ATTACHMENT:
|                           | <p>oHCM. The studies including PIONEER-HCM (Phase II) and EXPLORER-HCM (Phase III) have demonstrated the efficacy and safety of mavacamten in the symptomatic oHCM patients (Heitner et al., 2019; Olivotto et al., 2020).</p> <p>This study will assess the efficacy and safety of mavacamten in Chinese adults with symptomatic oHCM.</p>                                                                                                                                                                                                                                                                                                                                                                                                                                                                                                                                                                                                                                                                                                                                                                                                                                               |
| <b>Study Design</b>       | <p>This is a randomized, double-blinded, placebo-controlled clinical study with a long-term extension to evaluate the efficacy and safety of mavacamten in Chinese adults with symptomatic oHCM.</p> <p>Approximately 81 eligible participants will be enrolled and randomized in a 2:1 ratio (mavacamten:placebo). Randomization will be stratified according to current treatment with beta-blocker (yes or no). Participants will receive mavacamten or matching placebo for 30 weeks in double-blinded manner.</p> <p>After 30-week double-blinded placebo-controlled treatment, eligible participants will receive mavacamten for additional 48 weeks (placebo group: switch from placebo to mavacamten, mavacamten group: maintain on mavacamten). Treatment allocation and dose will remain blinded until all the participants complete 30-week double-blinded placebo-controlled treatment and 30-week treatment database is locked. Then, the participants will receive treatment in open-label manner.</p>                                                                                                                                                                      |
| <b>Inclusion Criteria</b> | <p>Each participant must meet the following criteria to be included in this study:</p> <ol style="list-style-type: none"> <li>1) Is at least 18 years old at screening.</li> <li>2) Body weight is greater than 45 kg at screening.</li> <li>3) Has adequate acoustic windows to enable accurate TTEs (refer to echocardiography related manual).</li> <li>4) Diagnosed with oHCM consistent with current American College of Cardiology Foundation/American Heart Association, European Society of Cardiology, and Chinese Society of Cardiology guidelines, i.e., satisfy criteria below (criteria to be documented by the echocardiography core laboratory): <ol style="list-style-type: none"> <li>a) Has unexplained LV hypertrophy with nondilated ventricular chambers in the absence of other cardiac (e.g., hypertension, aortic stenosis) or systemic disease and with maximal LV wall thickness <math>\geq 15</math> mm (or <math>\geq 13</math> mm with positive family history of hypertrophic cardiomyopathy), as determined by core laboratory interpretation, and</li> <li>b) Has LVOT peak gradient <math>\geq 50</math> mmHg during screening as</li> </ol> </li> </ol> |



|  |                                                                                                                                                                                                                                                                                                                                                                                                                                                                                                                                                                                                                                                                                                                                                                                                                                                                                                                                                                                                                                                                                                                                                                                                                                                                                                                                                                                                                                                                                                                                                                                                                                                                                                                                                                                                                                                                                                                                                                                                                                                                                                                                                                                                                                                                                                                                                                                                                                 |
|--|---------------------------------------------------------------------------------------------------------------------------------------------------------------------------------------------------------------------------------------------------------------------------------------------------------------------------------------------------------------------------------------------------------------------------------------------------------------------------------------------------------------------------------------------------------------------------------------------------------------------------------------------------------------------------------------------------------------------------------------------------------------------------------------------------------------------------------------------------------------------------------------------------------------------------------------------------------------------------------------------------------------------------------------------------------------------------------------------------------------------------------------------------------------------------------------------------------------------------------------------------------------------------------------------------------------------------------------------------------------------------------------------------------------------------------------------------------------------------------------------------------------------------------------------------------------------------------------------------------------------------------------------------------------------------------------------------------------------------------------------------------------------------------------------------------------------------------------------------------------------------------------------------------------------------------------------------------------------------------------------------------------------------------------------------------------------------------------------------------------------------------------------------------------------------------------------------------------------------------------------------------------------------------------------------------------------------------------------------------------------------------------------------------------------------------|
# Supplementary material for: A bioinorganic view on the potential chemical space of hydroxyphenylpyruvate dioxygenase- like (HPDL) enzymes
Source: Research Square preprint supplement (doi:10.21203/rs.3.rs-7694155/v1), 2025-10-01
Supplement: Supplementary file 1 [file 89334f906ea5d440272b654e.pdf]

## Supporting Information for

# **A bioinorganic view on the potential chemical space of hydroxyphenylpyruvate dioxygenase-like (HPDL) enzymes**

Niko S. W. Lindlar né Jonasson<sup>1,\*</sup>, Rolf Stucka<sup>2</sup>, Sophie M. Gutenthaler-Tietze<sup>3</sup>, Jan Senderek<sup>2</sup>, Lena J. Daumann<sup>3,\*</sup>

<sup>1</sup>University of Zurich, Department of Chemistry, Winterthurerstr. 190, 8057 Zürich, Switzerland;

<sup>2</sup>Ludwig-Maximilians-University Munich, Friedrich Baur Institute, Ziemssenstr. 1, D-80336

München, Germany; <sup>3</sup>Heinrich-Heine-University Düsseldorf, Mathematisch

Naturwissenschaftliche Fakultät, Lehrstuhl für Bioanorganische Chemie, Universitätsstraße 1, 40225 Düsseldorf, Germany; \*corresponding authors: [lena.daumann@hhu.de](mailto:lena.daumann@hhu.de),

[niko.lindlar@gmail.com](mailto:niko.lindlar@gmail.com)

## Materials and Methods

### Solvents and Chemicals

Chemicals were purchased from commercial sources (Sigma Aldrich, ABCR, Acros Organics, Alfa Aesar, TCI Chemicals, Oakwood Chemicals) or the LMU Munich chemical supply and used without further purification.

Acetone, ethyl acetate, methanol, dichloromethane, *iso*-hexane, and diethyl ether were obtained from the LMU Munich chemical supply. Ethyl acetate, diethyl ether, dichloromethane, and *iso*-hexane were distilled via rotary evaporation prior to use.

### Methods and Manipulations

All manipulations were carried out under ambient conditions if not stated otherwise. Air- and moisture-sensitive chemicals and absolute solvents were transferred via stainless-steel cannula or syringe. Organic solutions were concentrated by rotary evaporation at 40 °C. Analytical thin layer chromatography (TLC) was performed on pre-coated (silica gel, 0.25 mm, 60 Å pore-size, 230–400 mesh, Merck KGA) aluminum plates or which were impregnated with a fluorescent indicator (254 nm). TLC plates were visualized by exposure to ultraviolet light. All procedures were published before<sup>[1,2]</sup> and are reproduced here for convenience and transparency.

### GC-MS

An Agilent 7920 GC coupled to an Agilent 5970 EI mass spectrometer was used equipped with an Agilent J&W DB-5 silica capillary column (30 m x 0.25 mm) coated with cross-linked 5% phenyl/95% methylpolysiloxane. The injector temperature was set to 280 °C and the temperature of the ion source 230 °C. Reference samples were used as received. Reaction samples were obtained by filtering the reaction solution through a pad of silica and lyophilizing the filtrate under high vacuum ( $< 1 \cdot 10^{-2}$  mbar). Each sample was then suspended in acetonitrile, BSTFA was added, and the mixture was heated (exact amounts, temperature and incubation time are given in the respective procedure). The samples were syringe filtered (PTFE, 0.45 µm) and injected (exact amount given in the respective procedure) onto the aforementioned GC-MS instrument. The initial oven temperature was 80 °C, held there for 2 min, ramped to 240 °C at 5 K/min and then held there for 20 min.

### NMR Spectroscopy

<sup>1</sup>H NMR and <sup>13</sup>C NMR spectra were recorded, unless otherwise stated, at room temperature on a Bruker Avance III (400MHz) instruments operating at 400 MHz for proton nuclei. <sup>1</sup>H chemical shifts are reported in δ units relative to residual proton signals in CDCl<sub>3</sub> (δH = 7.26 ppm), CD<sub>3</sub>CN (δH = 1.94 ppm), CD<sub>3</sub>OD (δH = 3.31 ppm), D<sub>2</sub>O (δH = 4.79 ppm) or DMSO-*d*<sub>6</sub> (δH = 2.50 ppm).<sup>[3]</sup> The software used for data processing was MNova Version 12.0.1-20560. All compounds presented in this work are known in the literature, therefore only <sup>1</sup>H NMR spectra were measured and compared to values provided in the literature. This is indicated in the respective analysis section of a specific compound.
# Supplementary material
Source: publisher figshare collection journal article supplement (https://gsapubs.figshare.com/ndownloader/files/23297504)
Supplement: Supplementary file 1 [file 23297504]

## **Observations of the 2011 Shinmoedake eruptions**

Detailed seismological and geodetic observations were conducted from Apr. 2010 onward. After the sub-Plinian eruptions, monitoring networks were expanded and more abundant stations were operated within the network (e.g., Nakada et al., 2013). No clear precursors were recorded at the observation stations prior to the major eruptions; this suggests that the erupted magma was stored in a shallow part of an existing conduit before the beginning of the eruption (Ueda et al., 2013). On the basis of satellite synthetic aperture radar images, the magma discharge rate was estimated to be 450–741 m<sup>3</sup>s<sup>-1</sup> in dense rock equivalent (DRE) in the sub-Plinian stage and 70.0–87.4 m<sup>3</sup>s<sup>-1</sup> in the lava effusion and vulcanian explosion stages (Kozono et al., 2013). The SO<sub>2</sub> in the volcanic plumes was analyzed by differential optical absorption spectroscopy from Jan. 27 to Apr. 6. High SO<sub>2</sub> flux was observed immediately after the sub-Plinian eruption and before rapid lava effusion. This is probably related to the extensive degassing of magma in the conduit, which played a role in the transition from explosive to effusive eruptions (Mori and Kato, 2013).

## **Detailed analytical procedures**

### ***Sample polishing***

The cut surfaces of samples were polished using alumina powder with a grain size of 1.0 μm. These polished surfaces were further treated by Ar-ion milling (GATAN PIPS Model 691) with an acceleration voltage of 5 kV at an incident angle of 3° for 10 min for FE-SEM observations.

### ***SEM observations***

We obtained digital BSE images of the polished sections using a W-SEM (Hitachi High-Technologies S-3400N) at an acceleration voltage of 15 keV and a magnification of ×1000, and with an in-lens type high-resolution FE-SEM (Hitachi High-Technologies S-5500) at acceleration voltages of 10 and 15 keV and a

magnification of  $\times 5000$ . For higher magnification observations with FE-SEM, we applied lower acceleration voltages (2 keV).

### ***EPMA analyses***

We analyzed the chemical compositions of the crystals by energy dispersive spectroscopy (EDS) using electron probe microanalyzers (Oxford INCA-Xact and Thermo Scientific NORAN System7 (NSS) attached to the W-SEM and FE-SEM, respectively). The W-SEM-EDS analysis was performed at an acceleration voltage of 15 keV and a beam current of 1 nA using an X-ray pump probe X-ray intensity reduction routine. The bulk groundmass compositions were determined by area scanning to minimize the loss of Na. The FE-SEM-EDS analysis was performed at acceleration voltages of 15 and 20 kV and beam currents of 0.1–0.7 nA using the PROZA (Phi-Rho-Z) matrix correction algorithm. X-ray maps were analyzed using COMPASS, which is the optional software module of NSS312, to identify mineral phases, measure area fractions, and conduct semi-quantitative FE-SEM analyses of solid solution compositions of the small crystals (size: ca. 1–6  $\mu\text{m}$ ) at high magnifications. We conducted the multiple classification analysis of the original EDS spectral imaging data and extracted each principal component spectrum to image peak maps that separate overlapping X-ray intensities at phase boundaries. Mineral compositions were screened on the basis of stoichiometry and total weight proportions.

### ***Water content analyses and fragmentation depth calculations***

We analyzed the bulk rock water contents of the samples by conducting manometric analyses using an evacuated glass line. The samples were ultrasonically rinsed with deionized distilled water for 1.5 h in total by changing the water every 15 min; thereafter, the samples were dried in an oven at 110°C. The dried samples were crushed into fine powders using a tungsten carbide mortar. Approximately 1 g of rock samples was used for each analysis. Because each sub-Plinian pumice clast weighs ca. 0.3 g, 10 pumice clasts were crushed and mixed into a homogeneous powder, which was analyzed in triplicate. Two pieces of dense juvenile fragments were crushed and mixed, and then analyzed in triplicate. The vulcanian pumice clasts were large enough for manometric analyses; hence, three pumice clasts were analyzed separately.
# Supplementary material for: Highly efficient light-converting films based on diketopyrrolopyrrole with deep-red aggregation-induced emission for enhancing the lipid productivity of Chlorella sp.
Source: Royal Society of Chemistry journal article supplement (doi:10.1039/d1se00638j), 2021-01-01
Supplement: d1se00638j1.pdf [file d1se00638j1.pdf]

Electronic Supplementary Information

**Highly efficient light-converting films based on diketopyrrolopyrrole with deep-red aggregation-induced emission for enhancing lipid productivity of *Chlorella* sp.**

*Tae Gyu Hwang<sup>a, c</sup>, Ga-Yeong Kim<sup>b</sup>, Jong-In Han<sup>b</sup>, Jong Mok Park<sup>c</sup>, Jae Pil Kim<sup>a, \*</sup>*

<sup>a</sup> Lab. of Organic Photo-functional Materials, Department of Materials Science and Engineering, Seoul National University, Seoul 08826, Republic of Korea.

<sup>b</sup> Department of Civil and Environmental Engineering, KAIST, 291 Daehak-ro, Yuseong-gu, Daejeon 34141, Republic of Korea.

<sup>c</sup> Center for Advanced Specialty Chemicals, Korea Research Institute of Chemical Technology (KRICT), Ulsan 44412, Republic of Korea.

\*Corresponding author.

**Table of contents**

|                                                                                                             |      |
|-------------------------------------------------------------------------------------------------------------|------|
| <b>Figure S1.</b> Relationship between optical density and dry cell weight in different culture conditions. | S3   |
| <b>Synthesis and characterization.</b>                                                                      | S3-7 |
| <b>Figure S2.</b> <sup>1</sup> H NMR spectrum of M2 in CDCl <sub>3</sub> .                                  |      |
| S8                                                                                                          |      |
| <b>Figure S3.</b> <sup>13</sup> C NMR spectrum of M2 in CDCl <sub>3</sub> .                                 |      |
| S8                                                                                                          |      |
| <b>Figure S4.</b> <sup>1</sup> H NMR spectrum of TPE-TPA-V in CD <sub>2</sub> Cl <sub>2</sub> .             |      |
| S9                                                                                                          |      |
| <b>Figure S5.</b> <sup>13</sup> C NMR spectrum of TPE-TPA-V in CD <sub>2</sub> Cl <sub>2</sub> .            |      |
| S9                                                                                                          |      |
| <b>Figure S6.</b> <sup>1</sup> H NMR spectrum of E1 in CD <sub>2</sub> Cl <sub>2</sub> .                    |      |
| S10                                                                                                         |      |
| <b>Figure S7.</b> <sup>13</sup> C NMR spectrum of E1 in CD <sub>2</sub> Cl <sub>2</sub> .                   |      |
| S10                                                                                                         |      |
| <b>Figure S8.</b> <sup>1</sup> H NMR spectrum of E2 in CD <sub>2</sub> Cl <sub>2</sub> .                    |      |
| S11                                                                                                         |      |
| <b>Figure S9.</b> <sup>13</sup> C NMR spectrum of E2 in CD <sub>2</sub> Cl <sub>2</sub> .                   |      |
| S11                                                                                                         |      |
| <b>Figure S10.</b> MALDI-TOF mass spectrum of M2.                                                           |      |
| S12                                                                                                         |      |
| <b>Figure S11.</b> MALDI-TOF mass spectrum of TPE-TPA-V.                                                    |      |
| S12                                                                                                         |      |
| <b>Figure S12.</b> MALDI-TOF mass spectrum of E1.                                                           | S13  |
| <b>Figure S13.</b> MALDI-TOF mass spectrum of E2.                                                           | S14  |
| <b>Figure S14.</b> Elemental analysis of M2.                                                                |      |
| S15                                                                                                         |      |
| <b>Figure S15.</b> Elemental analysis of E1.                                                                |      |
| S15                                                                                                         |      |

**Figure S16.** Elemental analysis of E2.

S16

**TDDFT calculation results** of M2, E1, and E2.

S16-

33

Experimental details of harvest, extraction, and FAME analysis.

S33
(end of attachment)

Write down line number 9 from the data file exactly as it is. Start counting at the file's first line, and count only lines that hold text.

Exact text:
## Supporting Information for